Film review by Gordon Justesen
Technical specs by Michael Jacobson
Stars: Robert Redford, Demi
Moore, Woody Harrelson, Oliver Platt, Seymour Cassel
Director: Adrian Lyne
Audio: Dolby TrueHD 5.1, Dolby Digital 5.1
Video: Anamorphic Widescreen 1.85:1
Features: Director’s Commentary
Length: 116 Minutes
Release Date: June 9, 2009
“Some things aren’t for sale.”
“Well, you can’t buy people.”
“That’s naďve, Diana. I buy people everyday.”
Director Adrian Lyne made a name for himself with a number of adult-themed movies which touched issues most movies wouldn’t even think of going near. He explored non-subtle erotic taboos in 9 ˝ Weeks, and tapped into the fears of all unfaithful individuals with his hugely popular thriller Fatal Attraction. His next film was one with something of an intriguing scenario, even though it would sound completely ludicrous to any couple who felt truly in love. Whether you consider it a purely believable plotline or not, the idea of a wealthy man offering a financially struggling couple an easy million dollars in exchange for one night with the woman sold itself to audiences, as Indecent Proposal went on to become one of the most successful and talked about movies of 1993. The film itself has a strong opening half, and good enough middle, but the movie’s final hour is as slow as can be, as the movie doesn’t seem to know how to conclude itself.
The film opens with lovers Diana and David, played very convincingly by Demi Moore and Woody Harrelson. They meet in college, and once graduated they get married. Living out of an apartment, David makes his living as an architect, while Diana sells real estate. Soon enough, a recession puts the two in a bad financial hole, as they are both out of their jobs, as well as $50,000 in debt. Desperate and having no other option, David decides on a spontaneous quick trip to Vegas.
Their first night in Sin City is a shocking one, as David garners a winning streak, bringing in even more than enough money to get him and Diana out of hock. The next night isn’t so successful, as David grows more desperate to win even more money, and ends up losing everything at the roulette table. While in this slum of an aftermath, only one thing is the answer to their financial prayers, billionaire John Gage (Robert Redford). After asking to borrow Diana from her husband simply as a luck charm at the poker table, Gage provides the two with a room of their own. The following night after a private dinner, Gage proposes the indecent proposal to the two, one night of passion with Diana for an easy, cool million. After much debating about whether to consider Gage’s proposal, and going through the process of signing a specific contract put together by their lawyer (Oliver Platt), the struggling couple agrees to the deal.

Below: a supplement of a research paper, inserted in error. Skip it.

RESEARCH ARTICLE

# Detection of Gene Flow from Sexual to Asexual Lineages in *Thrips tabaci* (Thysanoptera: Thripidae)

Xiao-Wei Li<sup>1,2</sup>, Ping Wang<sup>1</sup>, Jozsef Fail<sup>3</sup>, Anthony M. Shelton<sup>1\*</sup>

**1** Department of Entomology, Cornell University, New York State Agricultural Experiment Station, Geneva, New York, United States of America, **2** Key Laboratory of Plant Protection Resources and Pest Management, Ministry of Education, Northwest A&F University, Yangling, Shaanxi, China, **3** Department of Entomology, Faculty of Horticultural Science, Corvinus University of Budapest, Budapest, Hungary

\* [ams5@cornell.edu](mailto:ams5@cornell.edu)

The slight weakness of Indecent Proposal starts to occur following the one night stand with Gage. What follows are endless scenes of the central characters fighting at one another for placing each other in the situation they currently find themselves in. These scenes, including a tense moment of anger between David and Diana, are indeed well performed, but the film takes what feels like eternity to come to any kind of conclusion. The story seems to be battling itself as to whether it wants to end in a nice way or in a depressing way before finally choosing one of the two at the last minute.
Indecent Proposal starts out very well, but is flawed solely in its last half, which feels more like a drawn out, inconclusive soap opera. The performances are the one thing keeping it from being an extremely flawed movie.
This is a solid Blu-ray offering, with good clear images throughout and impressive levels of details. I love high definition movies that showcase Las Vegas as a location, and this one does quite well. A couple of darker scenes are a bit less well-defined, but overall, a striking effort from Paramount.
Apart from John Barry's music, this is a movie driven by dialogue. There aren't a lot of demands called for nor placed on the subwoofer or rear stages, so their uses are minimal. Dynamic range is fair, but the spoken words are clean and clear, and that's the most important aspect.
Included is a commentary track by director Adrian Lyne.
Indecent Proposal is hardly a bad film. It starts out strongly, but doesn’t know how it wants to conclude, and takes its time in deciding. I do give the film credit, though, in the movie’s setup and performances.